Off means off and electronic circuits are about to learn that the hard way! Too long have electronics drawn current even while the device claims to be off.
A new innovation in electronic circuit and IC design by Rohm Co Ltd, Japan, has yielded mechanisms which allow ICs to truly consume no energy when inactive, and not only than, come back from standby immediately! Such ICs could be entirely off when no signal is present yet immediately start operating when a signal is present.
The technology utilizes non-volatile memory and logic components, meaning that even when switched off completely, the state of the components is maintained and no data is lost. While this is quite common for memory circuits such as flash memory on microcontrollers (similar to the system flash drives), however this is new for logic circuits, which include registers for storing data that the computer is currently processing.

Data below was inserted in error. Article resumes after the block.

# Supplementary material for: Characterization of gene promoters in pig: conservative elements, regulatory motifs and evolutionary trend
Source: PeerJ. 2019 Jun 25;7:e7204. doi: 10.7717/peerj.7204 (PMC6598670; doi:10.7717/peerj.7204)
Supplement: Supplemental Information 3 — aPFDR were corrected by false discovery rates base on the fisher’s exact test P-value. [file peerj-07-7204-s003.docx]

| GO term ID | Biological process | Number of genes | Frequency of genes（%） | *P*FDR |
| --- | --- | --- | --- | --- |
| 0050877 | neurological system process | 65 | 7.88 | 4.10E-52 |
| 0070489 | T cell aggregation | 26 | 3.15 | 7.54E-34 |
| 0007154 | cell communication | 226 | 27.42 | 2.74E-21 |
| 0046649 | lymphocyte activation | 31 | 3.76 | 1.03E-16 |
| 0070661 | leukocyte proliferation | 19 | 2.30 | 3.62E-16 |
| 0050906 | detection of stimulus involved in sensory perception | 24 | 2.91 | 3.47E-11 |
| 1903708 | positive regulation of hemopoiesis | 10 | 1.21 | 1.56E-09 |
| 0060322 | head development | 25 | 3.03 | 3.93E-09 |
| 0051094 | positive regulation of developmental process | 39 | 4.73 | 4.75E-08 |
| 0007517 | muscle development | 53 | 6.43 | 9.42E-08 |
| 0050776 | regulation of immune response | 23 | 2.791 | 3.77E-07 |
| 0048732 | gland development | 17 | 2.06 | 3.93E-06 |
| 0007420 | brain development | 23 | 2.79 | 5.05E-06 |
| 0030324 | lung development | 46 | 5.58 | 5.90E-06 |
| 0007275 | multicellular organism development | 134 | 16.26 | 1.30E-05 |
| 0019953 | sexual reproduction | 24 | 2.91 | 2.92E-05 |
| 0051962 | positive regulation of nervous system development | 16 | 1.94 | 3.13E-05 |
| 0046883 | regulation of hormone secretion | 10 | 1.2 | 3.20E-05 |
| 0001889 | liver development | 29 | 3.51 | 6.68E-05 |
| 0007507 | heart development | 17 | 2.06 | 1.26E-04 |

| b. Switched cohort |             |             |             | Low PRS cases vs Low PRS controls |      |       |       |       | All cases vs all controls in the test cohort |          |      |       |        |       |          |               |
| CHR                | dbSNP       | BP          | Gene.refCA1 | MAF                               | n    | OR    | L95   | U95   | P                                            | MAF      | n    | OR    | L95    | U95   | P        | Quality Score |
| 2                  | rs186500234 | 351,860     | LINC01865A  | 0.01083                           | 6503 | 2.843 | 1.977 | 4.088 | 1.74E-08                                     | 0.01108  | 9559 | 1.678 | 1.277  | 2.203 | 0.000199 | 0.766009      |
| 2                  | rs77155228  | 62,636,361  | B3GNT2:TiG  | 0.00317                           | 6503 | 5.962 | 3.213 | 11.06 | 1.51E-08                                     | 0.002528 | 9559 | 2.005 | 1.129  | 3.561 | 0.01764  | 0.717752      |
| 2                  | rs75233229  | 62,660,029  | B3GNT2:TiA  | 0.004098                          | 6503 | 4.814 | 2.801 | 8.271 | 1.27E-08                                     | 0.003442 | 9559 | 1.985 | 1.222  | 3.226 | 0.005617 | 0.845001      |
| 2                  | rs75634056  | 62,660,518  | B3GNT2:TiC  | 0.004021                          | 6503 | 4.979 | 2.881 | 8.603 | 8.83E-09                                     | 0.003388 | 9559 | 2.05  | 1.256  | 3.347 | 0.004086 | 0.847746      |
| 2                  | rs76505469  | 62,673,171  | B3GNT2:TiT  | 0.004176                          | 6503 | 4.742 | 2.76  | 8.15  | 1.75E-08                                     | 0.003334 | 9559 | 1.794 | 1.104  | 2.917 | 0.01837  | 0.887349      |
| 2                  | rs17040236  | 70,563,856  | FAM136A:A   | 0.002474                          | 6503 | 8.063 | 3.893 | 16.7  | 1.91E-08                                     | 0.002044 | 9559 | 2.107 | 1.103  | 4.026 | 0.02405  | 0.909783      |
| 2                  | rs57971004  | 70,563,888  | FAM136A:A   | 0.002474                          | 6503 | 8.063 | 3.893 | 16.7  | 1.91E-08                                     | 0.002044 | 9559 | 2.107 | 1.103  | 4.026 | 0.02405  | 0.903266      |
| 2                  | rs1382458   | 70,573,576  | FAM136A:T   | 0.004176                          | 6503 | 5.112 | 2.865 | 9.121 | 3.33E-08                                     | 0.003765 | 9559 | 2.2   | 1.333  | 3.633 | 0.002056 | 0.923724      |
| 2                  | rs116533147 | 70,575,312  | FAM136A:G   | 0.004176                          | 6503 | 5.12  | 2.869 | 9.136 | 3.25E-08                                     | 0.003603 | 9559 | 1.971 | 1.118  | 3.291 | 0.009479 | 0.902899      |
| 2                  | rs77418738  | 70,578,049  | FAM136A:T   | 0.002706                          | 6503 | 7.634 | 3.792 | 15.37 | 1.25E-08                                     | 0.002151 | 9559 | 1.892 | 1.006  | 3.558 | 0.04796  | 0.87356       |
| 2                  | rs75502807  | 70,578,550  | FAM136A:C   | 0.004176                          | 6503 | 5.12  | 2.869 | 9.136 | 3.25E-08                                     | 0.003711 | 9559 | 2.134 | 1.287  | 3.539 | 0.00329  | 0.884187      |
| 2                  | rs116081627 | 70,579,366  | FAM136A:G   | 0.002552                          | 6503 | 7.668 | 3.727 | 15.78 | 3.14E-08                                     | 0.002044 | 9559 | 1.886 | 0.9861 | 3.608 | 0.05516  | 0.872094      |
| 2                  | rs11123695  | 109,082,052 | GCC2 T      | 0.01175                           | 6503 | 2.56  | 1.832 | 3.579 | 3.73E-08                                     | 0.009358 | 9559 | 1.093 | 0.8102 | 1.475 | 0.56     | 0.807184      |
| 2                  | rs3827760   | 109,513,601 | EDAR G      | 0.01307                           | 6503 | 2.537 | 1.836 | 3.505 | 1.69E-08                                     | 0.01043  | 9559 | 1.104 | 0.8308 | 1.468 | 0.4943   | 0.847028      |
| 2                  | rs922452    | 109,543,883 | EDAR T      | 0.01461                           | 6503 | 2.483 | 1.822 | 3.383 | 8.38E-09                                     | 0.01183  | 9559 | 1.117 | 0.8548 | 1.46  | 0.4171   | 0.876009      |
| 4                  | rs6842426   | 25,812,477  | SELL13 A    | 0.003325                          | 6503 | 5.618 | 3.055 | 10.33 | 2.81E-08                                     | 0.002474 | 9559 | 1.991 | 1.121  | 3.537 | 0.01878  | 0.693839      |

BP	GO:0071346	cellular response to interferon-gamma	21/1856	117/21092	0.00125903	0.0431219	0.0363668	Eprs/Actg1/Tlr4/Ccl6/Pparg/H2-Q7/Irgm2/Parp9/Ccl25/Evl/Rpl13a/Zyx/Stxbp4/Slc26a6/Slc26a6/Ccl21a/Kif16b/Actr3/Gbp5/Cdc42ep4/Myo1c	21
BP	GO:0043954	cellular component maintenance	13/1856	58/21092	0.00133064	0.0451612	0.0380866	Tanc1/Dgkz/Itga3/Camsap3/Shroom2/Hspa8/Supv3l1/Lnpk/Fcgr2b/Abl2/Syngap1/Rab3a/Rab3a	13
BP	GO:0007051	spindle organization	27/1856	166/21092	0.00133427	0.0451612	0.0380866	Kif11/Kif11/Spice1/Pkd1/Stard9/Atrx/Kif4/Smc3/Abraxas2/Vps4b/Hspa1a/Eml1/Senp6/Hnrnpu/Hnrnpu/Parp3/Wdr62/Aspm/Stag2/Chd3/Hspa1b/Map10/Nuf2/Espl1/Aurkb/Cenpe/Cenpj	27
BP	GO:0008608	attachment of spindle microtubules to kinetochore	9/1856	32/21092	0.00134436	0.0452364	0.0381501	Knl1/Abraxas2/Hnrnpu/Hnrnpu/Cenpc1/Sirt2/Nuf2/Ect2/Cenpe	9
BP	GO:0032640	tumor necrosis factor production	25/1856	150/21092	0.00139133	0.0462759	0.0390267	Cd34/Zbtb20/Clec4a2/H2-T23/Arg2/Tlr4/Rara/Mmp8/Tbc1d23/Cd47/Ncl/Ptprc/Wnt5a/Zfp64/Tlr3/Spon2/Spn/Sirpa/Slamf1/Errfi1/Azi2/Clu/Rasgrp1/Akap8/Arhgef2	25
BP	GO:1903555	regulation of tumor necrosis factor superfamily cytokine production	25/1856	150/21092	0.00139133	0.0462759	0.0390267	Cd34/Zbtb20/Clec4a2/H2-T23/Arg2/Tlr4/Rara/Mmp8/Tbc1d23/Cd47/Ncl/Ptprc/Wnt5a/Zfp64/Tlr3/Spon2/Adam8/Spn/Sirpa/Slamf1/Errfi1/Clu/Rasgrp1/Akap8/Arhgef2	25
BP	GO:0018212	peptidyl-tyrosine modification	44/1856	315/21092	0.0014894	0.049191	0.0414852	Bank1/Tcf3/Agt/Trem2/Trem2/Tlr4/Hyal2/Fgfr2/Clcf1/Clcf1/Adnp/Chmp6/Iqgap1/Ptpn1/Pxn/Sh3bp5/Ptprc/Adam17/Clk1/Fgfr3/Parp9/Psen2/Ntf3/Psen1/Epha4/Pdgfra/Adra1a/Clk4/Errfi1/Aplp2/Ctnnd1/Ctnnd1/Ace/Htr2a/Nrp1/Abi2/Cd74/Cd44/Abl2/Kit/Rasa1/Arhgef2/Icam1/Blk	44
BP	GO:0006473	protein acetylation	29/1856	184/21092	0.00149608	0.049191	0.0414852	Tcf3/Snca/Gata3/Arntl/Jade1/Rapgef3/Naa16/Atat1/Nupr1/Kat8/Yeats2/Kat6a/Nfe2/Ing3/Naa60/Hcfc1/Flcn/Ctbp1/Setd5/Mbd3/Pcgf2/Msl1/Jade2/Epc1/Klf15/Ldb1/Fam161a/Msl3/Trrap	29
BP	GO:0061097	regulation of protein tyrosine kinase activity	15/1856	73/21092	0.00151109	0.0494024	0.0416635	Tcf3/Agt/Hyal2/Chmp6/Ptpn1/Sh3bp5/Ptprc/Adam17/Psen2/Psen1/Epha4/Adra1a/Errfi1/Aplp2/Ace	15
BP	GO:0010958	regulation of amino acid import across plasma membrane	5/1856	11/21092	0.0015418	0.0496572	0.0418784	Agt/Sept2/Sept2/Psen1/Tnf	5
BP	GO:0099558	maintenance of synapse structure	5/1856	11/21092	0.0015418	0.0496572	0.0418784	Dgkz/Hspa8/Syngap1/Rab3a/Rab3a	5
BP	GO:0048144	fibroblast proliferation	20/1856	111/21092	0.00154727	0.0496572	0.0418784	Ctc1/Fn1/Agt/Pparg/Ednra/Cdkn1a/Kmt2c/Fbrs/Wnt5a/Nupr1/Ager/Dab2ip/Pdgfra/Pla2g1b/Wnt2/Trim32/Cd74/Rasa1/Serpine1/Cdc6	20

Earlier systems optimized energy usage by turning off entire circuits when those features were not required, thereby resulting is power savings. However retaining the data in circuits that are switched off results in a very complicated circuit design and become exceedingly difficult as the number of circuits increases.
The new technology allows the circuits to be switched off while retaining their data state, so the complexity can be avoided. Two proposed methods of doing this exist, FeRAM (Ferroelectric Random Access Memory) and MRAM (Magnetic Random Access Memory), Rohm has opted for the FeRAM approach (while a similar technology by NEC uses MRAM). While FeRAM is ten times slower than MRAM, it utilizes a third to a fifth the power to operate.
Both techniques come with their own caveats. While for MRAM you need to design the circuits taking into account the magnetic alignment, FeRAM requires that the number of writes be minimized as they only support around a 100 rewrites.
This can have significant impact on future technology. AsTadahiko Sugibayashi, from the Devices Platform Research Laboratories at NEC, says, "We'll be able to cut dissipation for digital consumer electronics in the standby mode to just a few percent of what it is now." Which he claims could lead to "up to hundreds of millions of yen in savings in Japan alone."
Zero is an attractive goal indeed, but by its very nature it will always be elusive.